Staff at a Florida nursing home where 11 patients fell ill last week and eventually died after its air conditioning was knocked out for days made entries into patients’ medical records that inaccurately portrayed their situation, according to state officials.
Florida’s Agency for Health Care Administration issued an emergency suspension order Wednesday on the license of the Rehabilitation Center at Hollywood Hills, which had been ordered to stop admitting new patients nearly a week ago following the heat-related deaths in the aftermath of Hurricane Irma.
Rescue crews discovered the facility was extremely hot last week while responding to several calls from staff requesting help for patients in distress. Over 100 patients were then evacuated across the street to Memorial Regional Hospital, a major medical center located just a few hundred feet from the rehab center.
Several of these patients were admitted to the hospital with body temperatures exceeding 108 degrees Fahrenheit ― “far too late to be saved,” according to a statement released by the AHCA.
After conducting its initial investigation, the AHCA found staff members had not only “overwhelmingly delayed calling 911” and evacuating the facility, but also made late entries in patients’ medical records, which portrayed “an inaccurate depiction of the situation at the facility.”
In one instance, a nurse recorded a patient’s temperature at 101.6, but the patient was actually at the hospital at the time ― with a recorded temperature of 108.3. The AHCA also found a “very egregious” case in which a late entry noted a patient was resting in bed with “respirations even and unlabored,” though the patient was in fact dead at the time of the entry.
AHCA Secretary Justin Senior called the events “horrifying” and “unfathomable.”
“As more information has come to light on this egregious situation, this facility absolutely cannot continue to have access to patients,” Senior said in a statement. “No amount of emergency preparedness could have prevented the gross medical and criminal recklessness that occurred at this facility.”
Kirsten K. Ullman, co-counsel for the Rehabilitation Center at Hollywood Hills, denied the AHCA’s allegations in a statement sent to HuffPost on Thursday. She called the deaths “heartbreaking,” but claimed the actions and care implemented by staff during the crisis were “reasonable.”
“Care givers continuously monitored their residents, offered them hydration, and implemented efforts to keep the facility temperatures as comfortable as possible,” Ullman said. “AHCA has released a statement making allegations which simply do not describe the conditions observed by these multiple care givers.”
Despite having been without air conditioning for days, Ullman said, there was no indication that calling 911 or evacuating the facility was necessary until early on the morning of Sept. 13, when a resident “had a significant change in condition.”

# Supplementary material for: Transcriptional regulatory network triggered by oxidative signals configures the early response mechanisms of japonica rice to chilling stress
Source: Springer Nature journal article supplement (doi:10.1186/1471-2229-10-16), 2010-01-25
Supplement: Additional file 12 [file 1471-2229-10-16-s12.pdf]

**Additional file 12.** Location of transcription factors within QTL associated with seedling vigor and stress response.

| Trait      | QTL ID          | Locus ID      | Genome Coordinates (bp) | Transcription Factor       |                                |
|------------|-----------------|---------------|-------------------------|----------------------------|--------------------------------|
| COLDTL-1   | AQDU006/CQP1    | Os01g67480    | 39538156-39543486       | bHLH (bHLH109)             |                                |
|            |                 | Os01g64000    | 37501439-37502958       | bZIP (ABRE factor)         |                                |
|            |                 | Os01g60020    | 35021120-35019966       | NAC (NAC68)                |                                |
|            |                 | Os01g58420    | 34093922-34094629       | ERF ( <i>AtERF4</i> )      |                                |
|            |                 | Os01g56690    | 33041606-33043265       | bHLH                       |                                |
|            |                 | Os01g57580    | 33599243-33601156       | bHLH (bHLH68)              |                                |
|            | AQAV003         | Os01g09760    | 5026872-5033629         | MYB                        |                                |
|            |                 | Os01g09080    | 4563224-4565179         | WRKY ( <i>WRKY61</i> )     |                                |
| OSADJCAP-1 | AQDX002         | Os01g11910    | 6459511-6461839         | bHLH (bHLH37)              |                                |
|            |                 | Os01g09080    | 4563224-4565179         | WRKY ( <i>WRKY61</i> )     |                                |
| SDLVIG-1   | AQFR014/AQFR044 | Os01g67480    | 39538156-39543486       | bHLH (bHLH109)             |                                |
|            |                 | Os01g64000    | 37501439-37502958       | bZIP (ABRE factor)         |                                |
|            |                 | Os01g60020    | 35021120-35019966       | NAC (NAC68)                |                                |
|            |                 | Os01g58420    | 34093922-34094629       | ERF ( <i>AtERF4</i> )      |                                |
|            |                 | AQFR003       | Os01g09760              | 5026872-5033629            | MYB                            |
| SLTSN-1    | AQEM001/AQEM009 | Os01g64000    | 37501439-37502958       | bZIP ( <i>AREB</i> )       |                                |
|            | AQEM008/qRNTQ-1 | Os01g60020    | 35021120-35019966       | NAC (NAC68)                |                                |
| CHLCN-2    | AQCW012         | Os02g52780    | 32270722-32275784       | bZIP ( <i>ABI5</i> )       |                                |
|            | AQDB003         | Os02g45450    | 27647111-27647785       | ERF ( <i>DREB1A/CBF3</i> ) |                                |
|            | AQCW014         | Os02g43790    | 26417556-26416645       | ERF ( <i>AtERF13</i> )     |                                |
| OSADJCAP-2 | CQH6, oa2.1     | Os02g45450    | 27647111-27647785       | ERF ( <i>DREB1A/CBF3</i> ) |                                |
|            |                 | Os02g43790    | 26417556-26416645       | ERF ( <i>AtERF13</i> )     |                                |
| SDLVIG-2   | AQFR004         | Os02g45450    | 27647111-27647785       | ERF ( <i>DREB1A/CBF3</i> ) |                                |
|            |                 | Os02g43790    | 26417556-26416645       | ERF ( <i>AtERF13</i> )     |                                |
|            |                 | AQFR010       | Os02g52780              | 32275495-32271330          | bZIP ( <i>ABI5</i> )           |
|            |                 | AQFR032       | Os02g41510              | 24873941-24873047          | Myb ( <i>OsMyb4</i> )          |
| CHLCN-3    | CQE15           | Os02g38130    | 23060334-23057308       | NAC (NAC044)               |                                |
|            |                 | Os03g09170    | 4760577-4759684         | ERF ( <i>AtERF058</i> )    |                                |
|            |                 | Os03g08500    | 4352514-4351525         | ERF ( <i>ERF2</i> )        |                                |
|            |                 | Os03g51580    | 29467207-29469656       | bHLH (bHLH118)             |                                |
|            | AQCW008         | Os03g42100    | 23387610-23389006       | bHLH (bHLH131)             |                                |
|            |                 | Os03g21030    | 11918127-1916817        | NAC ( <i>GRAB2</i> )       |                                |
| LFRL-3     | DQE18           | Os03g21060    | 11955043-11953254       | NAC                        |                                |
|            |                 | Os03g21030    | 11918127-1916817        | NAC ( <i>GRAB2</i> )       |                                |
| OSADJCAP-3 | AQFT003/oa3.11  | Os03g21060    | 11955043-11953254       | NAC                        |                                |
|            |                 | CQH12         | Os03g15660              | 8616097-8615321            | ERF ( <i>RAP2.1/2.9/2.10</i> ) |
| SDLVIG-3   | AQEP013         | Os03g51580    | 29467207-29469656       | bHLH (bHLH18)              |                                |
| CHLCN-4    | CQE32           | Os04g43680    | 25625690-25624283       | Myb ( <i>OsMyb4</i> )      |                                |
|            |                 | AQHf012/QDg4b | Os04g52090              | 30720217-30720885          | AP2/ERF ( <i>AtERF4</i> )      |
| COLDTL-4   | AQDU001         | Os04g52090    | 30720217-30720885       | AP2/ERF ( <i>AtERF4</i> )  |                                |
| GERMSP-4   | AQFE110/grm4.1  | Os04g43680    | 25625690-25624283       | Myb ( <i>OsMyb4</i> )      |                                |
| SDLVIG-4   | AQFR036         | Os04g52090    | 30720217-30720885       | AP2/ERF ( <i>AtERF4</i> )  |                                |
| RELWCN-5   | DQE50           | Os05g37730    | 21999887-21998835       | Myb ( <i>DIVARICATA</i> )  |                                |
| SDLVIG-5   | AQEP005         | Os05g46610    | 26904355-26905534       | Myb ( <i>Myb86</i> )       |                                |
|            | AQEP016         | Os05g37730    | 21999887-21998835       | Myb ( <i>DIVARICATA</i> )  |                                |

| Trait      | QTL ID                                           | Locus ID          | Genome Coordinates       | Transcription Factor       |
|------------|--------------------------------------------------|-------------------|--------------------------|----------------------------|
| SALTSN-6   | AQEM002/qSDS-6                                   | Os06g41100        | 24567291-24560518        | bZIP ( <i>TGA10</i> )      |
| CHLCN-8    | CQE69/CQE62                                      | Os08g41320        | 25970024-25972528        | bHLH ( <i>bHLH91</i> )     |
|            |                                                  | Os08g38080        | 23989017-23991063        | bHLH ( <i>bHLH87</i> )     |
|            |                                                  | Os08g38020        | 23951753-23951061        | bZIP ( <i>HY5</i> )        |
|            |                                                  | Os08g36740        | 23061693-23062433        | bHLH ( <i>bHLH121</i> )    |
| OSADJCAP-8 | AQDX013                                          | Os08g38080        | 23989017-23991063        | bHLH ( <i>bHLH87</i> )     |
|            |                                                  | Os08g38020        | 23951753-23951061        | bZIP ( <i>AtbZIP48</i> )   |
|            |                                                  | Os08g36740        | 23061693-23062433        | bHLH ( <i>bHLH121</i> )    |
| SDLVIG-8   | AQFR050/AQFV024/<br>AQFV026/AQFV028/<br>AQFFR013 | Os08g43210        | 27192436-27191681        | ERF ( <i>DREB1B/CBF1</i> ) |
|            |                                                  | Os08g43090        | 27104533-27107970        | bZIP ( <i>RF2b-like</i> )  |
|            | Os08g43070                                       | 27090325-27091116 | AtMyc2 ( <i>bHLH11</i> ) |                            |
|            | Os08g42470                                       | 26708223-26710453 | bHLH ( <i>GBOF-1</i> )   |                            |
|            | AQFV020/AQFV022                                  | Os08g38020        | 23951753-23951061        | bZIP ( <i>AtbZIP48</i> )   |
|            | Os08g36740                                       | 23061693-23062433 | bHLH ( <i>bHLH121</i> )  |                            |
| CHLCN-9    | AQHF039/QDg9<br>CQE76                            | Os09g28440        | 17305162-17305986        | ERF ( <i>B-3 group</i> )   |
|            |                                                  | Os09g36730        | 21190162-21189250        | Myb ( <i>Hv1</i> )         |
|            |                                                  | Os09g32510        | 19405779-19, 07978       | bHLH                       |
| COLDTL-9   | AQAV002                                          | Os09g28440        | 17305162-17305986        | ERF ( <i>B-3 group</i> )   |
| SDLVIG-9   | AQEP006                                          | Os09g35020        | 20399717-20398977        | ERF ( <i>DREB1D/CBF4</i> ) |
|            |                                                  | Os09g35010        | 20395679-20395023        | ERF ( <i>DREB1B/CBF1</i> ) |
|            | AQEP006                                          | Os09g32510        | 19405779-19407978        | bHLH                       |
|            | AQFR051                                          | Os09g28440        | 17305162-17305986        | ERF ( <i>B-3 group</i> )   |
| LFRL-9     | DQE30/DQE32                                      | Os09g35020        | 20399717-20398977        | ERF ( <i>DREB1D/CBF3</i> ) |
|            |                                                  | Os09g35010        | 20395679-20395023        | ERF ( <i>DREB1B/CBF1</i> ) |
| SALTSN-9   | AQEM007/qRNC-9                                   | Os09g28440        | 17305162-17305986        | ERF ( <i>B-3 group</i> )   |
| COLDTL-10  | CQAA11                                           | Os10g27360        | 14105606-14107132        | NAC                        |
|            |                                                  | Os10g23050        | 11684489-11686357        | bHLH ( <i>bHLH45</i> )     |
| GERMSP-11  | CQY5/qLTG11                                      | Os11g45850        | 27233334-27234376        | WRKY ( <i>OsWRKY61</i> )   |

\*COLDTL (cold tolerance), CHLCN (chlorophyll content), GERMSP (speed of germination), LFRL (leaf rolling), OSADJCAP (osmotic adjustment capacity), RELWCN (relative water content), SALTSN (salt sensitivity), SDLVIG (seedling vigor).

Ullman also accused the AHCA of incorrectly suggesting the late entries in patients’ medical records were “somehow being indicative of something.” She said late entries are common and easily identifiable.
“Documentation, many times, is done at the end of a shift,” Ullman said. “The facility was evacuated 45 minutes before the end of shift, accordingly, certain entries had yet to be made and were designated for the reader as ‘late entries.’ Late entries document care given during the shift, but which was not documented due to circumstances ― in this case ― beyond control.”
“AHCA also cites to temperatures of residents, which temperatures did not exist while the residents were at Hollywood Hills,” she continued. “During the evacuation, residents were placed outside. It is not known specifically for how long, nor is it known when the AHCA cited temperatures were taken, where they were taken, by whom they were taken, or to which residents they are attributed to. However, before the evacuation, only two of the residents who passed away had elevated temperatures, neither of which were in the critical range.”
At least four lawsuits have been filed by former residents or victims’ survivors, all of which accuse the nursing home’s administrators and staff of failing to evacuate the facility after it lost air conditioning.
Two of the lawsuits also blame Florida Power & Light, the state’s largest electric utility, for not prioritizing power restoration at the nursing home during Hurricane Irma’s aftermath.
Last week, Jorge Carballo, the nursing home’s administrator, claimed his staff reached out to FP&L several times after losing power during the storm and requested the utility company repair a damaged transformer that had been used to power the facility’s air conditioning unit.
A spokesman for FP&L wouldn’t comment last week on the nursing home’s alleged requests for help, which are now part of a criminal investigation, but told HuffPost that his company had urged customers without power to call 911 “if it’s a life-threatening situation.”
This isn’t the first time the Rehabilitation Center at Hollywood Hills has come under fire. The facility has been cited twice in the past three years for violations related to federal requirements concerning backup power generators.
The nursing home’s owner, Dr. Jack Michel, also has a troubled history. In 2006, he was ordered to pay part of a $15.4 million fraud settlement with the U.S. Department of Justice after being accused of conspiring to admit patients to another facility for unnecessary medical treatments.
Michel did not immediately return a request for comment.
This article has been updated with the latest number of deaths reported.